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4 Years' Worth of Freelance Pitches and the Results

by Jason Wire Aug 11, 2011
Matador Goods editor and freelancer Lola Akinmade shares the results of her last four years of submissions and what she’s learned from the process.

GETTING PUBLISHED AS A FREELANCE WRITER or photographer doesn’t require natural-born talent, expensive equipment, a large down payment, nor a high alcohol tolerance.

What is required is persistence and patience. Whether you’re a famous freelancer or fresh out of high school, the need for persistence never ceases when your livelihood is based on saying to people, “Hey, I’ve got an idea, wanna pay me for it?” The fact is, no matter how great your idea really is, it’s not your choice as to whether it ‘fits’ for an editor.

One of Matador’s most prolific editors, Lola Akinmade, recently shared her entire submission history since 2008 on her blog. Here are the results:

Lola didn’t start keeping track of her submissions until 2008, and as is evident from the graph, the six she did keep track of didn’t see much success.

Although 141 pitches seem pretty astronomical (especially in comparison to the previous year’s incomplete number), “most of them were re-pitching the same idea almost verbatim to another publication if I got a rejection or didn’t hear from an editor for weeks.” Pitching a single photo also counted.

After seeing the results, Lola’s goal for 2010 was to assess her errors and, obviously, improve her number of assigned pieces. This is going to differ incredibly from person to person; whereas one person might need to start aiming the bar lower, another might need to focus on different types of publications altogether. Others might examine their pitch style, and start there.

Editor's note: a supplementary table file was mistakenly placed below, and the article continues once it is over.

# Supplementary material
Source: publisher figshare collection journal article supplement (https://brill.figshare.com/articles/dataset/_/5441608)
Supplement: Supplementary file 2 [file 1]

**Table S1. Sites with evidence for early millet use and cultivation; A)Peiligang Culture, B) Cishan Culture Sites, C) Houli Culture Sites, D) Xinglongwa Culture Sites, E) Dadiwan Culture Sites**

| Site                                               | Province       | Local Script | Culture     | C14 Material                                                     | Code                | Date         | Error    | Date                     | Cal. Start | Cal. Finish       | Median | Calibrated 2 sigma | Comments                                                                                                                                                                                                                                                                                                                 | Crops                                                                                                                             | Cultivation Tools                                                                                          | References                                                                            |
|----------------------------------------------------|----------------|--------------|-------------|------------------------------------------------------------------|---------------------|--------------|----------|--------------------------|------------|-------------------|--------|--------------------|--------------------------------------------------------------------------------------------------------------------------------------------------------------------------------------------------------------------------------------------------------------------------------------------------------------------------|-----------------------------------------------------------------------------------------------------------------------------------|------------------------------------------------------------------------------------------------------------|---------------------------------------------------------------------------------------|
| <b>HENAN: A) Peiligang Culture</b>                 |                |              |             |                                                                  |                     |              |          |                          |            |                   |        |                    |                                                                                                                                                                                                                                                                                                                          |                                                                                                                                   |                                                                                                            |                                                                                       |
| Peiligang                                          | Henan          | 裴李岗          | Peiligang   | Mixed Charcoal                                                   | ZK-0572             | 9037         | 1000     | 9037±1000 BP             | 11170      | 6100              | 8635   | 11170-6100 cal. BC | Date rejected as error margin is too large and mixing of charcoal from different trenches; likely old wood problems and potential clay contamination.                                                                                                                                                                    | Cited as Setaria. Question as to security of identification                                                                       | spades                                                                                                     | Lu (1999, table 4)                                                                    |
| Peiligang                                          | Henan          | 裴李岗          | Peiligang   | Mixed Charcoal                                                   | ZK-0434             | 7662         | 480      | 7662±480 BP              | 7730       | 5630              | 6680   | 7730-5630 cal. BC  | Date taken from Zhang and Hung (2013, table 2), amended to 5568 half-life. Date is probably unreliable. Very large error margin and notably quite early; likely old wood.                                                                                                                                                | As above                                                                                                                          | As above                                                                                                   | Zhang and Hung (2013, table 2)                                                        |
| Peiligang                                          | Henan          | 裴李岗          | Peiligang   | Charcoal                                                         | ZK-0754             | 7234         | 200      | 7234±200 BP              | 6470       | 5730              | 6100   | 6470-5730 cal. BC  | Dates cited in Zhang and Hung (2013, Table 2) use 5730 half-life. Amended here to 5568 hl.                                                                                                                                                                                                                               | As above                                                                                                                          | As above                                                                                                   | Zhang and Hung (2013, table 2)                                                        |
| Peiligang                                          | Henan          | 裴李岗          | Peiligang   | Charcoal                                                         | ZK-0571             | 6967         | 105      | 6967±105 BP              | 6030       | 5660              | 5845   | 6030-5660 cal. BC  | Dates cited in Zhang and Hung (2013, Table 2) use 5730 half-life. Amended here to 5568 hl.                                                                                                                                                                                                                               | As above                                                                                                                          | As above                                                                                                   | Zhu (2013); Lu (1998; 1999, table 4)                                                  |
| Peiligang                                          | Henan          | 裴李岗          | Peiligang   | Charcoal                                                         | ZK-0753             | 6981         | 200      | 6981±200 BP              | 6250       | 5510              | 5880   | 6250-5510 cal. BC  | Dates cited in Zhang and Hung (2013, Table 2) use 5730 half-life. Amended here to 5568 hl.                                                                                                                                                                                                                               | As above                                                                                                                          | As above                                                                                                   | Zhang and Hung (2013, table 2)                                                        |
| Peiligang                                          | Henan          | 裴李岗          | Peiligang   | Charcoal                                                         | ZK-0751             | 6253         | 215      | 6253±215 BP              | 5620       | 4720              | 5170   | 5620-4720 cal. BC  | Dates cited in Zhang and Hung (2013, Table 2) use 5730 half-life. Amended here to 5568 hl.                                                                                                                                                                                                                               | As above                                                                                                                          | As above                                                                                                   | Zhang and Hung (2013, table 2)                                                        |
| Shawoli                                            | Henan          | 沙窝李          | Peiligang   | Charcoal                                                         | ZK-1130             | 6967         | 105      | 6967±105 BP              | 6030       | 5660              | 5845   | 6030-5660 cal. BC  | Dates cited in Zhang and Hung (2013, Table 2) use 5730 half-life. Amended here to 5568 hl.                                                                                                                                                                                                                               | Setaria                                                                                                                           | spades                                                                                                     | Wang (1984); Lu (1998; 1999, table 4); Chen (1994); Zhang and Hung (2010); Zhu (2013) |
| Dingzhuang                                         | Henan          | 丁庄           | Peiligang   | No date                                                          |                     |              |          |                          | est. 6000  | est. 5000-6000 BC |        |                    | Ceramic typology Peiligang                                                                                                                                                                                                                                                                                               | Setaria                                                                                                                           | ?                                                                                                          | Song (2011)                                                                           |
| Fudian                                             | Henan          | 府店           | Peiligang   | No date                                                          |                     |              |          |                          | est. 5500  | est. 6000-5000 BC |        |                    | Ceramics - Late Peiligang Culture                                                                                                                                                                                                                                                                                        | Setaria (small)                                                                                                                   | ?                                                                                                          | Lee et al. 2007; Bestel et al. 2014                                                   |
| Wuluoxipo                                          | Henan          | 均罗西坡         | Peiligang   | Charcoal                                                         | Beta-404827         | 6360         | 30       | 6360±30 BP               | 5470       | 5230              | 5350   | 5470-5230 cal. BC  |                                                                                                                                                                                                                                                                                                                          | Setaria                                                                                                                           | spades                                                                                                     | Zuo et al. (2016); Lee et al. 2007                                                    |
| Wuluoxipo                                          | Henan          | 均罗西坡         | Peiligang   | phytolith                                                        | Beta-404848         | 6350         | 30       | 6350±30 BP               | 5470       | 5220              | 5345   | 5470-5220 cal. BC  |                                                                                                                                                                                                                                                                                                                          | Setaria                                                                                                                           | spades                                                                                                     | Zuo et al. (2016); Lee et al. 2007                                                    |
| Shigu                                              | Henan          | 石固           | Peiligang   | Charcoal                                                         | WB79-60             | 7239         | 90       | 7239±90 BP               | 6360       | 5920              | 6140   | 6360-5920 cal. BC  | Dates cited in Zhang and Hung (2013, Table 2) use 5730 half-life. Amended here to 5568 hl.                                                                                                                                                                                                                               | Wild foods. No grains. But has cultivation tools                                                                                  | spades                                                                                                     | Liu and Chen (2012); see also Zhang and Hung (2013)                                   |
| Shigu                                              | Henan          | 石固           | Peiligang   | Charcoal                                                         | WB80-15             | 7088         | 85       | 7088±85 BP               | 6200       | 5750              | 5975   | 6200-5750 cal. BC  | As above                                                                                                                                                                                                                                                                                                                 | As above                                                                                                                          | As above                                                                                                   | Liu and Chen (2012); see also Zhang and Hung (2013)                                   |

She eventually reduced the number of rejections the following year by “focusing and targeting [her] pitches around timely events and more news-worthy items.”

After looking at almost two years of submission history, Lola decided she needed to do three things: send fewer, but better pitches; maintain and take advantage of existing connections; work on well-crafted, targeted pitches with a higher possibility of approval.

As you can see, through 2011, her rejection percentage has plummeted and she’s now nearly evenly splitting her submissions between non-responses and possible or approved pitches.

The thing to take away from all of this is that, as Lola writes on her own blog, “There is no right or wrong way, but rather various paths to various goals that keep each of us fulfilled.” This means that there’s no single solution or even a person or book or authority who can help you craft “the perfect pitch.”

This is a good thing. That means we’re all unique, with different ideas and different ways of understanding them. The day someone can invent a fool-proof formula for getting approved is the day we’ve standardized imagination. Feature photo by Orin Zebest

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